The 2017 vintage was a golden one for pinot noir in Australia’s foremost regions, with 157 wines scoring 95 points or more in the 2020 Halliday Wine Companion. The Mornington Peninsula and Yarra Valley contributed 42, Tasmania 34.
The climate through the growing season was cooler than any year since 2002, a vintage that produced some pinots that are still full of life today. Screwcaps were still being adopted after a breakthrough by the Clare Valley winemakers led by Jeffrey Grosset in 2000, making this longevity even more remarkable.
The Australian production of pinot noir at that stage was only a fraction of what it is today (47,569 tonnes), with an average price per tonne of $1027. That average price was greater than that of any other major red or white variety.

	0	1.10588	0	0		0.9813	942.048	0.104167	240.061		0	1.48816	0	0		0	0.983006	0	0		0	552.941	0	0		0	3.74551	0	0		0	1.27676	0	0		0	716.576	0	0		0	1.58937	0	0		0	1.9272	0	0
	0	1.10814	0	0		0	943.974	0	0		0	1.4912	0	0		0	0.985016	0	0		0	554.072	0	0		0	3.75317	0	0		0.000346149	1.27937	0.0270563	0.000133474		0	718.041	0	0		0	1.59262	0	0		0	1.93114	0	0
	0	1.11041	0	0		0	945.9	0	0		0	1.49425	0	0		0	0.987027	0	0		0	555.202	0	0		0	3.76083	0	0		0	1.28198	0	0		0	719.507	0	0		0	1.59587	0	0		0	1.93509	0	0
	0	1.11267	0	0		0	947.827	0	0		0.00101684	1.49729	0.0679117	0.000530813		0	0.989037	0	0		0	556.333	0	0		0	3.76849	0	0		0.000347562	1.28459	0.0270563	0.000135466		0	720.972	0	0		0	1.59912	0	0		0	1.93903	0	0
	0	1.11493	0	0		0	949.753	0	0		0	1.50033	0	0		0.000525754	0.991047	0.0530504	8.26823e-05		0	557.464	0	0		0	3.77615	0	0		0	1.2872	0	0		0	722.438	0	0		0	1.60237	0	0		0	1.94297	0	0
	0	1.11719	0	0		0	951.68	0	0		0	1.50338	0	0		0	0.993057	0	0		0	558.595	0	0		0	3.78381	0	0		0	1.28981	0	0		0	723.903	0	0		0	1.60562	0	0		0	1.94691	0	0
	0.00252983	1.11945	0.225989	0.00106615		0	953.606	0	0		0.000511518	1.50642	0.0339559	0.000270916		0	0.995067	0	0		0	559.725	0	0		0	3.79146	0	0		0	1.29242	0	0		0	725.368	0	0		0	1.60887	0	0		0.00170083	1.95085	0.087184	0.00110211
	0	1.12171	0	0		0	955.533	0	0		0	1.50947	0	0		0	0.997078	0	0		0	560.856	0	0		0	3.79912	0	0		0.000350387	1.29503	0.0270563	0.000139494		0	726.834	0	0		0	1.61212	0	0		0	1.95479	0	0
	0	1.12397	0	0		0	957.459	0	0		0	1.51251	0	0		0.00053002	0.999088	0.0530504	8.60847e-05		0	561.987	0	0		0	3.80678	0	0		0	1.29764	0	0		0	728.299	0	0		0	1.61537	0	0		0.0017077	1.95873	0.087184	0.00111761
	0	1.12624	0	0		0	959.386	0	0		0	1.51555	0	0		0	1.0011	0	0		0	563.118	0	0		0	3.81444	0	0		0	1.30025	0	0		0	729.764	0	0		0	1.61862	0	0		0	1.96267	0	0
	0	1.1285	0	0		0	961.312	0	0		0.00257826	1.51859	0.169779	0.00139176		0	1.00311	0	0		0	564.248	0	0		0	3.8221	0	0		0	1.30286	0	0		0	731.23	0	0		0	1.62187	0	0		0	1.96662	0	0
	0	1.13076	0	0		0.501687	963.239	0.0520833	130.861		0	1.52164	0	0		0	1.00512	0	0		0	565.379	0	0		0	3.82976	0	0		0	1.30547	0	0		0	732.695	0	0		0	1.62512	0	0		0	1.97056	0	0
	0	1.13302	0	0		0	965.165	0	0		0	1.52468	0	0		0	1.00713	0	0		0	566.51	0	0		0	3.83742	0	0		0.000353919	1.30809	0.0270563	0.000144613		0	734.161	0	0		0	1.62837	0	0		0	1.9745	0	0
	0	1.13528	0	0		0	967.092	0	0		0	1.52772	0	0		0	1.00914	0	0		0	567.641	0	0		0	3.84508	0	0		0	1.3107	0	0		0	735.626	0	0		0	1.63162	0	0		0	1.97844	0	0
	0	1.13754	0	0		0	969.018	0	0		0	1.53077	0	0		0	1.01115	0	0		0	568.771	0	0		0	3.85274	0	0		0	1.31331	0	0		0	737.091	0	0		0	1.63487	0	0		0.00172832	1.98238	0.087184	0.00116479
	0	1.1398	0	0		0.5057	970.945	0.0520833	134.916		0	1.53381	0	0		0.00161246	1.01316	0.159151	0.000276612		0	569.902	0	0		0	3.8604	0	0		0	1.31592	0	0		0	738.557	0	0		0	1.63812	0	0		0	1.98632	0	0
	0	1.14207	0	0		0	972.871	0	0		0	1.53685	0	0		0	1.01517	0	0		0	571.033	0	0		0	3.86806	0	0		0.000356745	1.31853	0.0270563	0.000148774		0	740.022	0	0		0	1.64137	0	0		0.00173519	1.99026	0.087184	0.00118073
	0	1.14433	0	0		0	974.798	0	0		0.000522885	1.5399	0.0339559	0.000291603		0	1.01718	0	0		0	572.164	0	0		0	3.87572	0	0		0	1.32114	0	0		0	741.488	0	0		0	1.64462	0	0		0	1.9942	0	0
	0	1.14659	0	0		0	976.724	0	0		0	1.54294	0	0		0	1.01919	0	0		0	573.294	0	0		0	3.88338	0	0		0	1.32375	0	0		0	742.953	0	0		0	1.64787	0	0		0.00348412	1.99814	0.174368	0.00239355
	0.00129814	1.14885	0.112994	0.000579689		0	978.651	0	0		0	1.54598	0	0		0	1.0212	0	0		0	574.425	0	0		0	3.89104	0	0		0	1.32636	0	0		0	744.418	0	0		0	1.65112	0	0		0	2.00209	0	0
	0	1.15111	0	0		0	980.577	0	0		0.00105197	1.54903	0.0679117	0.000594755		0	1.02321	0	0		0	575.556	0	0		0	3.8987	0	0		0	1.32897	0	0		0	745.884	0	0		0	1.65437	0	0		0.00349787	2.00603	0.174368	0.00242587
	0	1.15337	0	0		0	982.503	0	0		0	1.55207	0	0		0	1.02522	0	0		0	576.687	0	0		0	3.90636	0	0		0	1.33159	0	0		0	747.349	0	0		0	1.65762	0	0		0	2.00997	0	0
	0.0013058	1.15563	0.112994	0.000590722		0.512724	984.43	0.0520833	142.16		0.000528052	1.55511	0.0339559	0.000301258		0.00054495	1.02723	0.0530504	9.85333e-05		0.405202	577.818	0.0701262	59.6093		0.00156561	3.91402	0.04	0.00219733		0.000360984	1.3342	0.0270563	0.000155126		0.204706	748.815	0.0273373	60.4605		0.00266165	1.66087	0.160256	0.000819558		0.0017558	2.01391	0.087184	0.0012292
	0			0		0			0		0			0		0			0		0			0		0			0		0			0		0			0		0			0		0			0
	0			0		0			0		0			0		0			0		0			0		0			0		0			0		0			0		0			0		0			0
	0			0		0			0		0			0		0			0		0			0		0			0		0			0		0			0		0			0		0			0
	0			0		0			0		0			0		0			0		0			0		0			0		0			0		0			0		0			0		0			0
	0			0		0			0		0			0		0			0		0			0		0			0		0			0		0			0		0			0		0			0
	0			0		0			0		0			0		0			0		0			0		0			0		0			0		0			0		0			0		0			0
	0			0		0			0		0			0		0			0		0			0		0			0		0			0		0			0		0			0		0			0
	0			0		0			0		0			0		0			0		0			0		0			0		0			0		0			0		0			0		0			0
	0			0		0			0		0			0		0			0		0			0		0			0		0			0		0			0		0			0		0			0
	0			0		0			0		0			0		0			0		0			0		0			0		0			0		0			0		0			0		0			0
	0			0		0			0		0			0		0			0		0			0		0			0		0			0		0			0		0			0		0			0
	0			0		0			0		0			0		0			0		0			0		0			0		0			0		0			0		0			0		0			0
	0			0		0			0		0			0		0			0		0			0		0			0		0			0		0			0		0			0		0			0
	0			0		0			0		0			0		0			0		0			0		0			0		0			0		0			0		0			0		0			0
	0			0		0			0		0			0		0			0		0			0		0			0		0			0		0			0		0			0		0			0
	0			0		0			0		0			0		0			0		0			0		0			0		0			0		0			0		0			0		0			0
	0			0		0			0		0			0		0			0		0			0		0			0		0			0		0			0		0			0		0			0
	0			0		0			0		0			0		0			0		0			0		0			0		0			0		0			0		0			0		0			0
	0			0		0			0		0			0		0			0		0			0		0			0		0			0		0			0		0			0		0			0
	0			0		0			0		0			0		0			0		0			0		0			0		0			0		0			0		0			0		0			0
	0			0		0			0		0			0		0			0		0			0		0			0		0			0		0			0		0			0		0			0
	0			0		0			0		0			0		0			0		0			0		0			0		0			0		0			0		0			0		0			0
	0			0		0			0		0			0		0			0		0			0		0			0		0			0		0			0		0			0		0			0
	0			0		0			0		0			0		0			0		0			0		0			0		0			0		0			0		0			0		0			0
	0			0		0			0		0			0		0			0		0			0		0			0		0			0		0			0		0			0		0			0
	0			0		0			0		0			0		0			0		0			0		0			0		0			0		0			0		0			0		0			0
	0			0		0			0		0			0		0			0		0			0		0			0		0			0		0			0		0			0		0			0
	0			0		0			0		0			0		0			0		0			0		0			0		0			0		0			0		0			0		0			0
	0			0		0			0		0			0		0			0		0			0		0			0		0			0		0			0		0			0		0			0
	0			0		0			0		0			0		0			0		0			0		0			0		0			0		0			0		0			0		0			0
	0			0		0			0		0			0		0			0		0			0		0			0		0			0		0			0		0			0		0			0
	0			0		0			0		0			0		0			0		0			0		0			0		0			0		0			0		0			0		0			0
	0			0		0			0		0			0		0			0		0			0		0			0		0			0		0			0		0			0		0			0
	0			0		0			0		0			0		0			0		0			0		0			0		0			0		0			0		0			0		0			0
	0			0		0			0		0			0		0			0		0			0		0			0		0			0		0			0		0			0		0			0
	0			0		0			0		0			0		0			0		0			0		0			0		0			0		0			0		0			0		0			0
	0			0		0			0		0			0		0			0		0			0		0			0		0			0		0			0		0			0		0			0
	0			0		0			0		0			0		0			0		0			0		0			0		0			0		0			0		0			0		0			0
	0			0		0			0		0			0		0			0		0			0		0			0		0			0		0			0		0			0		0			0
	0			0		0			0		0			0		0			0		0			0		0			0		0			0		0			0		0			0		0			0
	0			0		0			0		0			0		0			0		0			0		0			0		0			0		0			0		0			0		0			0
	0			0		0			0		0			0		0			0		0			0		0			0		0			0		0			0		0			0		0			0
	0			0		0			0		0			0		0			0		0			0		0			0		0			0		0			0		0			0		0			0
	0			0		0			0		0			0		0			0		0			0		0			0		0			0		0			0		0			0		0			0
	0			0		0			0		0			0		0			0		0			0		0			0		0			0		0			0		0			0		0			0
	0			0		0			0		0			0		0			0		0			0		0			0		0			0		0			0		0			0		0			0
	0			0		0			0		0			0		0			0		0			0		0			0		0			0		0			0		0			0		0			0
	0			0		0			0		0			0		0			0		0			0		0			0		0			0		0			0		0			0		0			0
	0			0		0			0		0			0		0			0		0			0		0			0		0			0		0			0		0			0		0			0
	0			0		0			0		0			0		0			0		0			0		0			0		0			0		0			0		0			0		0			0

Pinot noir is a temperamental variety, and its ’19 production fell 10% compared to 2018. The only other red variety to decrease was grenache, down 15%. The highest price per tonne of pinot was in the Mornington Peninsula ($3291), followed by Tasmania ($2900) and the Yarra Valley ($2229).
Enough statistics. Twenty years ago, pinot noir was regarded as a curiosity outside of Victoria. Even in Melbourne, it was dogma that Australian pinot noir was grossly inferior to Burgundy – so much so that any comparison was frowned on, a ridiculous situation. You should use great Burgundy to set the bar and endeavour to understand the multiple choices involved within the vinification.
There is a constant churn in the adoption, modification or dispensation with those choices. It is why Australian vignerons take up any opportunity to work in Burgundy during vintage. It’s why they spend substantial amounts buying and drinking Burgundy, more often than not with like-minded devotees of pinot noir.
And it’s why they produce pinot noirs that can be of equal quality to those of Burgundy, especially in the context of blind tastings.